Hearne said the plaintiffs hope to have a hearing within the next week. The case is assigned to Court of Claims Chief Judge Christopher Murray, a former deputy legal counsel to Republican former Gov. John Engler. 

Hearne said the plaintiffs are seeking a ruling that would require Benson to order the jurisdictions pay the money back to the center or direct the same amount of funding to Benson’s office to ensure it’s equally provided to all state election jurisdictions.

The lawsuit asserts Benson violated the Michigan Constitution and state election law by allowing the interest group “with a declared political agenda to selectively and privately fund how election authorities in predominantly Democratic precincts conduct elections.”

Ann Arbor City Clerk Jacqueline Beaudry said Tuesday that the allegations the grant award was for “get-out-the-vote” initiatives is “not accurate.”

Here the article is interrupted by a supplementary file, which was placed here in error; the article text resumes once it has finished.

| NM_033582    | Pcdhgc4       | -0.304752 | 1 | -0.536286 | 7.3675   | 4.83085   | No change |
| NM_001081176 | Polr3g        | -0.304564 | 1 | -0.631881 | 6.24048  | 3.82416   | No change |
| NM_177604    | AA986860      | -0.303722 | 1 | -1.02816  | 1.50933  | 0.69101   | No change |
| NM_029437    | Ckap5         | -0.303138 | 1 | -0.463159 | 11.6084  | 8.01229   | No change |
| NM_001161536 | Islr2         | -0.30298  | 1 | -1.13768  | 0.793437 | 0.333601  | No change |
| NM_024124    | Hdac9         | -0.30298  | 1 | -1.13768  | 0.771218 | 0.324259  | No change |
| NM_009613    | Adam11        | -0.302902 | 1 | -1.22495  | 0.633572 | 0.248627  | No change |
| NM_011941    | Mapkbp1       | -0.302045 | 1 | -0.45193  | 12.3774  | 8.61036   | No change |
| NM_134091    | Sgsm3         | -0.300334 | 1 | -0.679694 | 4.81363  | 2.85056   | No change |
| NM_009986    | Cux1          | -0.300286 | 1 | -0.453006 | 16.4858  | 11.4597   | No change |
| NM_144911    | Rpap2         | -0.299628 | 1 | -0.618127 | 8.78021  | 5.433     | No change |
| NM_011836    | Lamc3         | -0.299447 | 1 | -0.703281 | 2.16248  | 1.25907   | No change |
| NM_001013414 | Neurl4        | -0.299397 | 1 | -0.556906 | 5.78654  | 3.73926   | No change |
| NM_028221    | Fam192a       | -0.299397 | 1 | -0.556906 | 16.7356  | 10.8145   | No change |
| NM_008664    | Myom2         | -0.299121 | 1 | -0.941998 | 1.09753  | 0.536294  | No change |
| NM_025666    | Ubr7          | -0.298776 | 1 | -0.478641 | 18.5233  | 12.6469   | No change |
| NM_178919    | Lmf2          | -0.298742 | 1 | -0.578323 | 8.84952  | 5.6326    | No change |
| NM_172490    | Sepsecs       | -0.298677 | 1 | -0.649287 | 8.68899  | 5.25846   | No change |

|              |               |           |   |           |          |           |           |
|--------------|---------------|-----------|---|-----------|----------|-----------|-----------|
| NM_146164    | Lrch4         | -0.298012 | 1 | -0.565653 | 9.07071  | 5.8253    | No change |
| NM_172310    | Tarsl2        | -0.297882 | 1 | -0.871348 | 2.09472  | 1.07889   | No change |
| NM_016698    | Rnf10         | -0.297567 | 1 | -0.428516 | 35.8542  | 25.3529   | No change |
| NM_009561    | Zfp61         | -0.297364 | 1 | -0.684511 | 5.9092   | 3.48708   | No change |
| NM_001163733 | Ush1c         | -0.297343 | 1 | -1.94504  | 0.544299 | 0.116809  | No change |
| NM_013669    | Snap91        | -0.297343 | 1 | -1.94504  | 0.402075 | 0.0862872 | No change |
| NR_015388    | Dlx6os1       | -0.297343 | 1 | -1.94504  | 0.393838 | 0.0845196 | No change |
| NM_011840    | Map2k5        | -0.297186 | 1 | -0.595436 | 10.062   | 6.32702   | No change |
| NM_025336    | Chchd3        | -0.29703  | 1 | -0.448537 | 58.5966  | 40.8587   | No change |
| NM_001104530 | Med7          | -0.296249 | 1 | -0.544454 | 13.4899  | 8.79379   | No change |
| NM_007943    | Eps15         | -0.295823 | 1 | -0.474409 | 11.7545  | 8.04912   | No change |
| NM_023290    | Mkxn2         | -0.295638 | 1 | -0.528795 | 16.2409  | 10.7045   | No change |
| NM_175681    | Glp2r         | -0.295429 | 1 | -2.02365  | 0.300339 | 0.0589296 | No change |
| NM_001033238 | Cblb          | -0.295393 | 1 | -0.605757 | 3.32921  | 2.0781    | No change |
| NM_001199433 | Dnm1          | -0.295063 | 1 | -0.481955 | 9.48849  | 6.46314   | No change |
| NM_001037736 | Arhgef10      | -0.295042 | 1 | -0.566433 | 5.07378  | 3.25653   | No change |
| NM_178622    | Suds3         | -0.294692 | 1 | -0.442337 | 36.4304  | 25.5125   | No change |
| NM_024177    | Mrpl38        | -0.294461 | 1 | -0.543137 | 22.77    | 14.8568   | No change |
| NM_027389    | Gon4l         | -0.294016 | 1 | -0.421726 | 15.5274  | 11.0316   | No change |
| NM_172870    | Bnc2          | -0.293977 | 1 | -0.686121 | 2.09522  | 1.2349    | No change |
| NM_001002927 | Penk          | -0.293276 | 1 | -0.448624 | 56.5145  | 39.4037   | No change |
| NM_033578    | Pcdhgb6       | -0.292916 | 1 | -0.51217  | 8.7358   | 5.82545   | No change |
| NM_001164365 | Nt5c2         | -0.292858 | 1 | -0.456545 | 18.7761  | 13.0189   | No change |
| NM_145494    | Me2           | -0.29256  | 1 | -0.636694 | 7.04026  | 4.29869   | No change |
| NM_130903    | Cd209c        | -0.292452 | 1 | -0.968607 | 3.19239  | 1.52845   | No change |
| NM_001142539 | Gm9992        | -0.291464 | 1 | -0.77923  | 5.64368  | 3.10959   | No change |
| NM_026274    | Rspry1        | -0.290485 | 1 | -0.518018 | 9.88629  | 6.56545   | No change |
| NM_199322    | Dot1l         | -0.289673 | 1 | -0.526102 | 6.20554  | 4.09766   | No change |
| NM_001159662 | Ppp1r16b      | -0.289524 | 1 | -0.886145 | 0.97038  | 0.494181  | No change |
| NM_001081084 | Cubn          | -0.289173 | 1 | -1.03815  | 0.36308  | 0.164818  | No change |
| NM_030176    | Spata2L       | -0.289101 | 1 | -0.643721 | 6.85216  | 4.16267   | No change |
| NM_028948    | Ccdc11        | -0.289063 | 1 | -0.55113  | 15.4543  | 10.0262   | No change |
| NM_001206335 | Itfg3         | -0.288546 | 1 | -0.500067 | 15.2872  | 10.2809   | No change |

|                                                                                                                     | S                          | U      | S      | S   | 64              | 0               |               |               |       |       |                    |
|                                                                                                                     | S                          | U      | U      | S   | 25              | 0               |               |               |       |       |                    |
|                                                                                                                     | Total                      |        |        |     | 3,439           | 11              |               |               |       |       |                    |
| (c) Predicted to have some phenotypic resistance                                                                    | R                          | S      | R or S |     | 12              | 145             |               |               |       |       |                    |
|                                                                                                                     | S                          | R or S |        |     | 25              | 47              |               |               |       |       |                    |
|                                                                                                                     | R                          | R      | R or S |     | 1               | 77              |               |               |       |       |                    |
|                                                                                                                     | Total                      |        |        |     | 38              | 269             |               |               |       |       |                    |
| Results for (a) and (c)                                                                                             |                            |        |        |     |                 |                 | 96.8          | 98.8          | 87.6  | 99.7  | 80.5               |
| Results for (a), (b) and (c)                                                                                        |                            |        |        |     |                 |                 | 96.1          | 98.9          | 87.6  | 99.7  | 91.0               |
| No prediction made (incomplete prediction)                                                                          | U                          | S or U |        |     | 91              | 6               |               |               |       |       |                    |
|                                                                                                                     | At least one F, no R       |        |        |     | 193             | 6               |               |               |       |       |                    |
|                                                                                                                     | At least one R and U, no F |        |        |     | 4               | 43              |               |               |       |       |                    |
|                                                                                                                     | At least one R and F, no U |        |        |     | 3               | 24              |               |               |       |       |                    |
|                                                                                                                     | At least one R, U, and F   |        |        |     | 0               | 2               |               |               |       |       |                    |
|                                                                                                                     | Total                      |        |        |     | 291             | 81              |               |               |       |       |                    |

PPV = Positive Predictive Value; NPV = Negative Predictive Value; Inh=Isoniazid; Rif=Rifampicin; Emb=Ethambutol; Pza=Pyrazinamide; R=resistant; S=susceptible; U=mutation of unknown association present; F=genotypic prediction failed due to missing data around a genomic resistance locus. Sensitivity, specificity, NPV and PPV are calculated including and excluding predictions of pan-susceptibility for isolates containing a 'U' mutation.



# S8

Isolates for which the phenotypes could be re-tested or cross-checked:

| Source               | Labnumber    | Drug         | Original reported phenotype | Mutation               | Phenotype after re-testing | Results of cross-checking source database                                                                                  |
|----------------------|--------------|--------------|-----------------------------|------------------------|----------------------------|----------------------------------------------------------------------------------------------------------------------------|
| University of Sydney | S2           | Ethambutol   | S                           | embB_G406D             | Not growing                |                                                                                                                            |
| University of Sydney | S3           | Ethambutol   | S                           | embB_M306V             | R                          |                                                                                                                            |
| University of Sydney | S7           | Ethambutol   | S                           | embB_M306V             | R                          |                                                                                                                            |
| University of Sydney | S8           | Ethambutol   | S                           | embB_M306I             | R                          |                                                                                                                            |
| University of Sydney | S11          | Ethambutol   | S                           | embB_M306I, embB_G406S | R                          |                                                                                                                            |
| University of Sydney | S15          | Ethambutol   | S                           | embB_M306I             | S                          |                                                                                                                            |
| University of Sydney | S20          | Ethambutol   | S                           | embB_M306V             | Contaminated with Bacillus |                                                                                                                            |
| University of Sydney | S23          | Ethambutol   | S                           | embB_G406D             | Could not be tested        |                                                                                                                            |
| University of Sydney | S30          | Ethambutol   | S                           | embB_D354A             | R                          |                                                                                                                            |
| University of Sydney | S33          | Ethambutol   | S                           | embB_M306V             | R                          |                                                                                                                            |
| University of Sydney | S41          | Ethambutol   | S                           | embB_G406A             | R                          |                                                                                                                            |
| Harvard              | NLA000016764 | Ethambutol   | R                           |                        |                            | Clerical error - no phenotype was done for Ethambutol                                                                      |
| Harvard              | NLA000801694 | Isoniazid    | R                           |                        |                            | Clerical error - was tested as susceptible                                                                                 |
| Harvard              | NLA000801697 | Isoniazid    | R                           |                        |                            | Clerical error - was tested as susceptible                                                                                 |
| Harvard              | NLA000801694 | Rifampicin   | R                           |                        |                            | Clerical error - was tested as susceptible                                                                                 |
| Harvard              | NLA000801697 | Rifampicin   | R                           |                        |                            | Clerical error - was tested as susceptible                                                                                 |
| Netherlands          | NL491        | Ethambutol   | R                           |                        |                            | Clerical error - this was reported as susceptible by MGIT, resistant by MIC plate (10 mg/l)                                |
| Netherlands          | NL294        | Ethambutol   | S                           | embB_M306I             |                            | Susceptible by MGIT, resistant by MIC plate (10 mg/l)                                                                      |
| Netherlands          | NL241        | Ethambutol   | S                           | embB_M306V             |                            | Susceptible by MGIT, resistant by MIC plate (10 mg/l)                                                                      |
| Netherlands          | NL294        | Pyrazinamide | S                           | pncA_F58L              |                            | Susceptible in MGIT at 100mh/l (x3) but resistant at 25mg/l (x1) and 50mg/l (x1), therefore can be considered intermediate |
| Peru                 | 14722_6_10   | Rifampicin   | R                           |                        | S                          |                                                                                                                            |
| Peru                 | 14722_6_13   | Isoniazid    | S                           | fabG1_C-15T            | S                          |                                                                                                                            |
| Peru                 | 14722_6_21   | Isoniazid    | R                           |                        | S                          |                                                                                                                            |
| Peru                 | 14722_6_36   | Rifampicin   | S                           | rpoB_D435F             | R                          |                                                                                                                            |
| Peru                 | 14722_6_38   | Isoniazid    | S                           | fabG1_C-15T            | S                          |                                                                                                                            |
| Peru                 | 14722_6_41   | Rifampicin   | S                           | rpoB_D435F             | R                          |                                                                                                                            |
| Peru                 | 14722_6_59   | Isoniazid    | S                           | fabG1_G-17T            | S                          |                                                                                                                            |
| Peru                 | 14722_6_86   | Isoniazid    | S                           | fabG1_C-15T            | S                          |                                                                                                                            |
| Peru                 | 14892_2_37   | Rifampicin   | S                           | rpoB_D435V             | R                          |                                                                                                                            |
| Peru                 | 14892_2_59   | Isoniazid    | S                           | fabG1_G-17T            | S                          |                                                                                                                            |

“It is to be used exclusively for the public purpose of planning and operationalizing safe and secure election administration,” Beaudry wrote in an email. “To this end, we have received funding to secure and train an adequate number of election inspectors in a pandemic, acquire new voting equipment and ballot boxes to manage the increased demand for absentee ballots, and other measures related to the changing nature of elections this year during these challenging times.”

The clerk said the funding was awarded to the city and accepted by the Ann Arbor City Council. Beaudry said she can’t speak to what Benson did or did not allow “as we did not apply for this grant through the Secretary of State’s Office.”